The musician, conservationist, rancher and fellow podcaster shares stories behind their place-based albums, Songs of Sonoma Mountain and Songs From a River, talks about their family’s work conducting habitat restoration projects in partnership with Point Blue Conservation Science, and answers fan questions.
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Conservation Value Institute today released Episode 7 of The Nature of Music podcast, a conversation with singer/songwriter, Avery Hellman of Ismay. I am grateful to a mutual friend in the music industry for introducing me to Hellman (they/them), who is the granddaughter of Hardly Strictly Bluegrass Festival founder, Warren Hellman. Between their incredible fingerpicking, enchanting vocals, nature-based songs, and interest in regenerative agriculture, it quickly became clear that we share common passions.
Episode 7 opens with a general question about the influence of nature on Hellman’s lyrics and songs. Speaking with a zest for healthy rural landscapes, Hellman explains how:
“Nature certainly, as my bio says, has a massive influence on my music…I didn’t grow up on a ranch or rural place at all…but I think my connection to Nature really started with horses and that sort of intermediary between people and the natural world, and then it kind of grew from there into an interest in ranching and environmentalism.
And so for me, the music is connected to Nature because of the kind of life that I live, meaning that I do live in rural California on a ranch and I spend a lot of my time doing ranching kind of work and management, and…the kind of things and stories that I encounter tend to be associated with the natural world, I mean especially these days with the pandemic. When you’re around…wildlife or farm animals more than you are people, your stories and your music are going to end up reflecting that.”
I asked Hellman about the root of their environmental passions – if there’s any particular event in their life that awoke them to the connection between the health of an ecosystem and the health of a ranching business:
“Well my interest in ranching actually grew out of environmentalism. I was…in school like a lot of young people are these days…studying environmental science and I was really obviously excited about the things I learned, but also frustrated by the limitations. One of the things that I really connected with through those environmental science classes was this issue of agriculture’s impacts on the environment. And in particular, one of the examples that a lot of environmental science classes teach students is about eutrophication, which is when excess nutrients from a farm or ranch or any kind of place really go into a pond or a lake or an ocean and there’s too many nutrients. They cause a bloom of algae and other plants and then those plants die and create dead zones and create other kinds of problems. I realized so distinctly how much agriculture can contribute to these problems, and I felt like ‘here’s my opportunity’.”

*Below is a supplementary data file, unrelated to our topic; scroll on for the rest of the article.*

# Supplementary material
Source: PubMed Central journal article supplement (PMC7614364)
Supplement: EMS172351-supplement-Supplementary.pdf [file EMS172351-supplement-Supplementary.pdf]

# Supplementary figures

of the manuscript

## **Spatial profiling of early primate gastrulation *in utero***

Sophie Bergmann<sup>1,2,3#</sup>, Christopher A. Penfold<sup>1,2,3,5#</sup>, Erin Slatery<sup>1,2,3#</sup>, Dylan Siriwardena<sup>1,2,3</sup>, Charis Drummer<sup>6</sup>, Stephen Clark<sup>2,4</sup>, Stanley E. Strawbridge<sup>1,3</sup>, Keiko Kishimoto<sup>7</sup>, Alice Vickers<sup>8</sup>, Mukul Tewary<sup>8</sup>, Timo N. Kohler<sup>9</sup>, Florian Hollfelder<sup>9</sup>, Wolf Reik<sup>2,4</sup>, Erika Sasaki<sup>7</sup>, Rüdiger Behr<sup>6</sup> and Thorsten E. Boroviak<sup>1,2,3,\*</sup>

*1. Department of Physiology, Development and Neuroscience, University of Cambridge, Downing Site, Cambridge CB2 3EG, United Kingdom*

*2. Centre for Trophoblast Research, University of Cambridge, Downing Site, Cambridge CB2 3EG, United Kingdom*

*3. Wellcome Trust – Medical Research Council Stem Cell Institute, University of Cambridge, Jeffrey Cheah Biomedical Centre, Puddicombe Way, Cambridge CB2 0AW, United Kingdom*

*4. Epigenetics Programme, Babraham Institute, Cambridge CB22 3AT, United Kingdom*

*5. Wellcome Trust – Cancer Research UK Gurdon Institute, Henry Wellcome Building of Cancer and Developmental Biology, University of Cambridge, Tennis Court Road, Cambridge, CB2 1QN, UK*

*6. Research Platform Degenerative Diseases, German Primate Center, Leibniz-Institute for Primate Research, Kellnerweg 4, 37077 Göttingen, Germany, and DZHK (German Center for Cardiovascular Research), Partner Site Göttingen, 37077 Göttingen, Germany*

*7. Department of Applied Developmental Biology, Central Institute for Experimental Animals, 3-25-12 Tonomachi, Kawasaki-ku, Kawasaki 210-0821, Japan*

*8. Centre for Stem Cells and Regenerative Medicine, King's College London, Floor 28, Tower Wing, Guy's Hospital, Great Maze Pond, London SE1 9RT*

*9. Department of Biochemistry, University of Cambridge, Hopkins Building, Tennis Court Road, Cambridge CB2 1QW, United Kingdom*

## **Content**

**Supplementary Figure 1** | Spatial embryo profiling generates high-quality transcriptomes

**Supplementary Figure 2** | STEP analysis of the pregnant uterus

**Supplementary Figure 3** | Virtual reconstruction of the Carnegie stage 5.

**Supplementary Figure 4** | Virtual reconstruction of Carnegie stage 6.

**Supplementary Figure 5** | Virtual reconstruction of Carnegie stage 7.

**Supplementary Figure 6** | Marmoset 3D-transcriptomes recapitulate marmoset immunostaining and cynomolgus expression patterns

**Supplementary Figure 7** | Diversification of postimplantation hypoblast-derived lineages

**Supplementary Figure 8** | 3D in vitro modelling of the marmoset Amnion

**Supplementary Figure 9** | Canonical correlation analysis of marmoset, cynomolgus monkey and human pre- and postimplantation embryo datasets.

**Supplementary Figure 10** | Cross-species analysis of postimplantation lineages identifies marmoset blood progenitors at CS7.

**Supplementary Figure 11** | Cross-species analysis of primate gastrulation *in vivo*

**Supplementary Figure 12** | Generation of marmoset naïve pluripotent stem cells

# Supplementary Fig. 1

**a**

Hellman reveals that it was a guest lecture about rangeland management by UC Berkeley Professor, Lynn Huntsinger, that inspired their interest in ranching:
“I was just so inspired by these ranchers who were taking this land that had oftentimes been degraded and just being hands-on with these natural solutions to improve the ecosystem around them. And so that’s really how I got interested in farming and ranching. And I think, like I said, the connection to horses really gave me an ‘in’ to that world. Because I’d been around horses, I’d been herding cows over the years, it really gave me an opportunity to feel like I could contribute to the ranching community with my environmental lens.”